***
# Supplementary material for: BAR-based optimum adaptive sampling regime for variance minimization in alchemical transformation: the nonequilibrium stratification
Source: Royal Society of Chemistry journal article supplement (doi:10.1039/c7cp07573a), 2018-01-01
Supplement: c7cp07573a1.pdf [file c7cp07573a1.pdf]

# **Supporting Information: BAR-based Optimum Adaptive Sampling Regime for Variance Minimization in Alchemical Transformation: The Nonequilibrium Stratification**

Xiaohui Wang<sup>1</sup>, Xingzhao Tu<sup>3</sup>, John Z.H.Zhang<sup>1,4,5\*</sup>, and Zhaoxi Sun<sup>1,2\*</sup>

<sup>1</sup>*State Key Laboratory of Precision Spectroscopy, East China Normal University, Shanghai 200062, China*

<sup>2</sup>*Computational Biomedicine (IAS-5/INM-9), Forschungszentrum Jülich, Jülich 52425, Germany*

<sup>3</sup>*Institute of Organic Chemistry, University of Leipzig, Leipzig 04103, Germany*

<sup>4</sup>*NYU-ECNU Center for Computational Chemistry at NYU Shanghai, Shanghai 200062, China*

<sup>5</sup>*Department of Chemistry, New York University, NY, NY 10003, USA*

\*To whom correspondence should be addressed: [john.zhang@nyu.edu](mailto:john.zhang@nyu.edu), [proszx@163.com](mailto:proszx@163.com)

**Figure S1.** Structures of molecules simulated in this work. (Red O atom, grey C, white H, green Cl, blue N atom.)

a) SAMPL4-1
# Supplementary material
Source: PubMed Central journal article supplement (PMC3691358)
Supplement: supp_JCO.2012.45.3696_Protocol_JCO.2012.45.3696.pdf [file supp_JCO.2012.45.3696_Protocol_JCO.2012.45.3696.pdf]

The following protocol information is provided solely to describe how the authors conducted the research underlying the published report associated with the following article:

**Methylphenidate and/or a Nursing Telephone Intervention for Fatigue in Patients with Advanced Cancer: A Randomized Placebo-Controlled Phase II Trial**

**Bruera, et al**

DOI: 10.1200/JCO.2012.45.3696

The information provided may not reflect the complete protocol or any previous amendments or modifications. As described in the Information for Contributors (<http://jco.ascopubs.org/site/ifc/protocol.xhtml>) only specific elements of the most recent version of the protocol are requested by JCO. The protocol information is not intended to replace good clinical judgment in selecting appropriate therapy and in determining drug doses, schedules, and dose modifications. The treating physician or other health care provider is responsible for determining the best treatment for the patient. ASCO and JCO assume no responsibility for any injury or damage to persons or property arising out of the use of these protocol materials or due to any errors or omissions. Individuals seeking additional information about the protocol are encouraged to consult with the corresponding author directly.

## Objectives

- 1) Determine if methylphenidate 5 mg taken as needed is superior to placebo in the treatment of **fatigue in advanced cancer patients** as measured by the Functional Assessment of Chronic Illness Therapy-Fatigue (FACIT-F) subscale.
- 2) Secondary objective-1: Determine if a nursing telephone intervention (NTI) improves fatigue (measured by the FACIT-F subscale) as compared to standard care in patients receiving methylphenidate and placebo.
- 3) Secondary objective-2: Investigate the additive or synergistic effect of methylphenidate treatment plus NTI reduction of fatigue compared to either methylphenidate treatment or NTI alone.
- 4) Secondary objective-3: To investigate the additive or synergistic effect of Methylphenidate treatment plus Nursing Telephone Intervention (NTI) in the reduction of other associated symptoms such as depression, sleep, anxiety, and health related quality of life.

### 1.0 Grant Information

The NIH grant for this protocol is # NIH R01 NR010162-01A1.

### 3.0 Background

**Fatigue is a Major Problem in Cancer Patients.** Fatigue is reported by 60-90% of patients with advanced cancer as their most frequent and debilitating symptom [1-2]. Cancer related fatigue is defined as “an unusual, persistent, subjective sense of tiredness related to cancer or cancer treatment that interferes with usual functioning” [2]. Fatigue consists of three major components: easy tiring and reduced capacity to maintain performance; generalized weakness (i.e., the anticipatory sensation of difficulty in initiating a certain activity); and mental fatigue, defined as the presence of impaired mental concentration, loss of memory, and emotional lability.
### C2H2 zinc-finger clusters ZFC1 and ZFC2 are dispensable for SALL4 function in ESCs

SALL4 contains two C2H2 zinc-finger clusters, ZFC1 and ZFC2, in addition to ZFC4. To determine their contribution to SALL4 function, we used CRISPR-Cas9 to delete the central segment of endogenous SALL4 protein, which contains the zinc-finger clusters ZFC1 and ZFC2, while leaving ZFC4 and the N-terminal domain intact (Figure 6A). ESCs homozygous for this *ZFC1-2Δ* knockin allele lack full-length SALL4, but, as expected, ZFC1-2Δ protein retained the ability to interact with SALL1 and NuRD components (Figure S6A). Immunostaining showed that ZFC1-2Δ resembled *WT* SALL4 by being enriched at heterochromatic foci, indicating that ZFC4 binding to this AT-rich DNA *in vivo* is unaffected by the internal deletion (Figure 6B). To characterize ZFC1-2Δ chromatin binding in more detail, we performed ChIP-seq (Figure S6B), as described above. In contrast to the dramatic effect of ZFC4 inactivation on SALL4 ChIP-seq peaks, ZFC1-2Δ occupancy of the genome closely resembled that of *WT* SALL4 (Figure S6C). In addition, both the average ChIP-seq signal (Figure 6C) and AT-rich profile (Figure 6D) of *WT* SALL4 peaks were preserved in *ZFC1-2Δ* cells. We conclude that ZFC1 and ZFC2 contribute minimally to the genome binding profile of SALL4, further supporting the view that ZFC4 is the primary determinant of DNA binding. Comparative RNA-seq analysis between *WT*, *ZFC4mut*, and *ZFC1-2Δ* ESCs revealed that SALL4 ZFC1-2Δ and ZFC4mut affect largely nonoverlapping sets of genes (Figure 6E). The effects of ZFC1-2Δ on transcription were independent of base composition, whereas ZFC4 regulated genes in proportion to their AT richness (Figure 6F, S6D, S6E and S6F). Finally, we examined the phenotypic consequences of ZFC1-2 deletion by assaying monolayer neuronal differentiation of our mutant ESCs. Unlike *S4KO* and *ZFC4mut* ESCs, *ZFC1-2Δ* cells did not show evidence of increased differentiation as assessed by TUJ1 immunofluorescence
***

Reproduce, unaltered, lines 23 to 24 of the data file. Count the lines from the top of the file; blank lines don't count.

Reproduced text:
- 1) Determine if methylphenidate 5 mg taken as needed is superior to placebo in the treatment of **fatigue in advanced cancer patients** as measured by the Functional Assessment of Chronic Illness Therapy-Fatigue (FACIT-F) subscale.
- 2) Secondary objective-1: Determine if a nursing telephone intervention (NTI) improves fatigue (measured by the FACIT-F subscale) as compared to standard care in patients receiving methylphenidate and placebo.